Lapid has said his party is different from his late father’s Shinui, in part because of its diversity and its inclusion of religious figures. Despite this, analysts have found them somewhat similar.
Yesh Atid presented centrist populism to its middle and upper-middle class constituency, with anti-incumbent messages and calls for cleaner politics, similar to so-called “new/centrist populist parties” that have arisen in Europe. Yesh Atid voters tend to have higher levels of income and education compared to the general population, and hold moderate views on economic and security issues.
On 9 May 2021, it was reported that Lapid and Yamina leader Naftali Bennett had made major headway in the coalition talks. The anti-Bibi coalition has been described as the “Change bloc.”
In the election held on 22 January 2013, Yesh Atid won the second-largest share of representation in the Knesset, with 19 seats. The party was particularly strong in wealthy districts. Yesh Atid’s success was viewed as the largest surprise of the election, as pre-election polling gave the party only 11 seats. He joined Netanyahu’s governing coalition. Although he focused mostly on domestic and economic concerns of social justice, he had criticized Netanyahu’s foreign policy and said he would not sit in a government that was not serious about pursuing peace.
Lapid endorsed Netanyahu for prime minister after the election, and on 15 March 2013, the party signed a coalition agreement with the ruling Likud party.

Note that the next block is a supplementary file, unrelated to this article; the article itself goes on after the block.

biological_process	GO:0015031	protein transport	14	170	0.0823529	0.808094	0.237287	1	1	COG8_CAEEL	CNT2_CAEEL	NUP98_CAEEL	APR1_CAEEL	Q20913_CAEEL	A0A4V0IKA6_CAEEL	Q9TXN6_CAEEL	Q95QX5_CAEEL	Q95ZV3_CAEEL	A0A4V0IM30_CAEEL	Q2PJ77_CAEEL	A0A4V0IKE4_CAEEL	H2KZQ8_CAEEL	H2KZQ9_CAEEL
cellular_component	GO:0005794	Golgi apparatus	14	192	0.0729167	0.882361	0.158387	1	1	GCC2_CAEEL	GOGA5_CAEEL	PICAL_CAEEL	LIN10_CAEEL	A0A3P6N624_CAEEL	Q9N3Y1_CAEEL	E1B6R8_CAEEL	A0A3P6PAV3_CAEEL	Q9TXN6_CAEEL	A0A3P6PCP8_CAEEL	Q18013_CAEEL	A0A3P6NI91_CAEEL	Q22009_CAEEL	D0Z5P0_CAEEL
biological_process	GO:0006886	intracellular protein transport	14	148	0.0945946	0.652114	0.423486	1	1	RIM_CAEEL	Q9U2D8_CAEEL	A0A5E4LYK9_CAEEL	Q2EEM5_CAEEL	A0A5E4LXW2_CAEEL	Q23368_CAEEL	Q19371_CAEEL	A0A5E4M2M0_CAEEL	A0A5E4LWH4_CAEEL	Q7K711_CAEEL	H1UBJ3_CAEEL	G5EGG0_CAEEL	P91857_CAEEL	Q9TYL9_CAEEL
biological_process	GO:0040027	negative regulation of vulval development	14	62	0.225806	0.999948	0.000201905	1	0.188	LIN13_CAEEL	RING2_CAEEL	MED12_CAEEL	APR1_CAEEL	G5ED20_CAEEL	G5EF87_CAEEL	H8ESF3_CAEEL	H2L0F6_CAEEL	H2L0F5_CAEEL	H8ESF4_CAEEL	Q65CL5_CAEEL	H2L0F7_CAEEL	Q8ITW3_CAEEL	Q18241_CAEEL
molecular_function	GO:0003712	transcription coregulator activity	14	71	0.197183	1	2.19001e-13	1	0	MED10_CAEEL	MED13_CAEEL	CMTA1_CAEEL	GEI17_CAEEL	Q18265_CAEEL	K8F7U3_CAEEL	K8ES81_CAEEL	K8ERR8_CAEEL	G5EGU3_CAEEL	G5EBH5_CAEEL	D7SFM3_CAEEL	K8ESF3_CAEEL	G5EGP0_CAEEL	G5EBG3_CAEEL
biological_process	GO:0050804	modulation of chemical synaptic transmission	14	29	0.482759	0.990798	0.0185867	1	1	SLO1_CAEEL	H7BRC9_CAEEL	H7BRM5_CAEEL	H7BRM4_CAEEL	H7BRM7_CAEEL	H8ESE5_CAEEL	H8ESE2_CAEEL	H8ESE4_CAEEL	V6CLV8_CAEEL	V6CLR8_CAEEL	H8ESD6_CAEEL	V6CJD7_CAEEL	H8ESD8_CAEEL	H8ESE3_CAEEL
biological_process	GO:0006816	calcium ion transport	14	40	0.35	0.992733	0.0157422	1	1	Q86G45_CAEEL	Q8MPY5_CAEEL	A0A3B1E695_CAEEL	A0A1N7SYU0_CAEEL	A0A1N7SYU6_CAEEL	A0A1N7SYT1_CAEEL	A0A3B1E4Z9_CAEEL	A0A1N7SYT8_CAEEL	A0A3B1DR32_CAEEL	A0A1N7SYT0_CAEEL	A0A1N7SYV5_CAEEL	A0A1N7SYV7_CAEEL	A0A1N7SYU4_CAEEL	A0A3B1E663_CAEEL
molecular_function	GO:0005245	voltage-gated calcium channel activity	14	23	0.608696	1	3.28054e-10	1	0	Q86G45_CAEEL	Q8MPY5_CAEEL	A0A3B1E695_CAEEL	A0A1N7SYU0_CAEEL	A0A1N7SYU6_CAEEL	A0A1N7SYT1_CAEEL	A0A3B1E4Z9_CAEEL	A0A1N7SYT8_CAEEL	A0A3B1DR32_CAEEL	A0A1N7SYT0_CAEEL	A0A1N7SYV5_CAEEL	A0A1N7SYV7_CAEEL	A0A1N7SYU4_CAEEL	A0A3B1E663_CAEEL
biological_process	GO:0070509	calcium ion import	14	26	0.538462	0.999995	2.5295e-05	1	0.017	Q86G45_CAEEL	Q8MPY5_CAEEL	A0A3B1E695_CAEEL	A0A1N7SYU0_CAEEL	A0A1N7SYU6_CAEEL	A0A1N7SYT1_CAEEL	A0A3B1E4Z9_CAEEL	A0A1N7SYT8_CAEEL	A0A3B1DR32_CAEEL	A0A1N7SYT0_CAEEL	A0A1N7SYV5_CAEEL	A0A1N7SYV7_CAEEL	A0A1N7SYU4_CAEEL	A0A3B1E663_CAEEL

Almost one year after the election, a survey was published showing a continuing trend of decreasing popularity of the party, which would only achieve 10 seats in the Knesset, as opposed to the 19 party members who were elected, if elections were held at that time, and with 75% of those polled claiming to be disappointed by Lapid’s performance. The finance ministry post came with budgetary restrictions (cutting spending, raising taxes, and confronting the money demands of the defense ministry) that affected Lapid’s popularity.
Before the 2015 election, Lapid separately courted both Tzipi Livni (Hatnuah) and Moshe Kahlon (Kulanu) in an effort to form electoral alliances with their respective parties. Both efforts were unsuccessful: Livni formed an alliance with Labor, and Kahlon preferred to run alone. On 8 February 2015, Yesh Atid MK Shai Piron said the party would prefer a coalition led by Isaac Herzog and Livni than one by Netanyahu.
Lapid’s criticism while campaigning was mostly of Netanyahu and his Likud party. His campaign continued to emphasize the economy over national security, although he has somewhat departed from his previous almost-exclusive focus on domestic policy and become more vocal, and left-leaning, on the peace process. The party focused on middle-class needs and in this respect was very similar to Kahlon’s new Kulanu party. However, Lapid’s main electoral base is the European-oriented upper-middle class, whereas Kahlon targeted the lower-middle class. While both Yesh Atid and Kulanu are positioned as centrist parties, Yesh Atid is almost universally considered to be aligned with the left-leaning political bloc, and Kulanu, sometimes considered right-leaning, is a “swing” party not aligned with any bloc.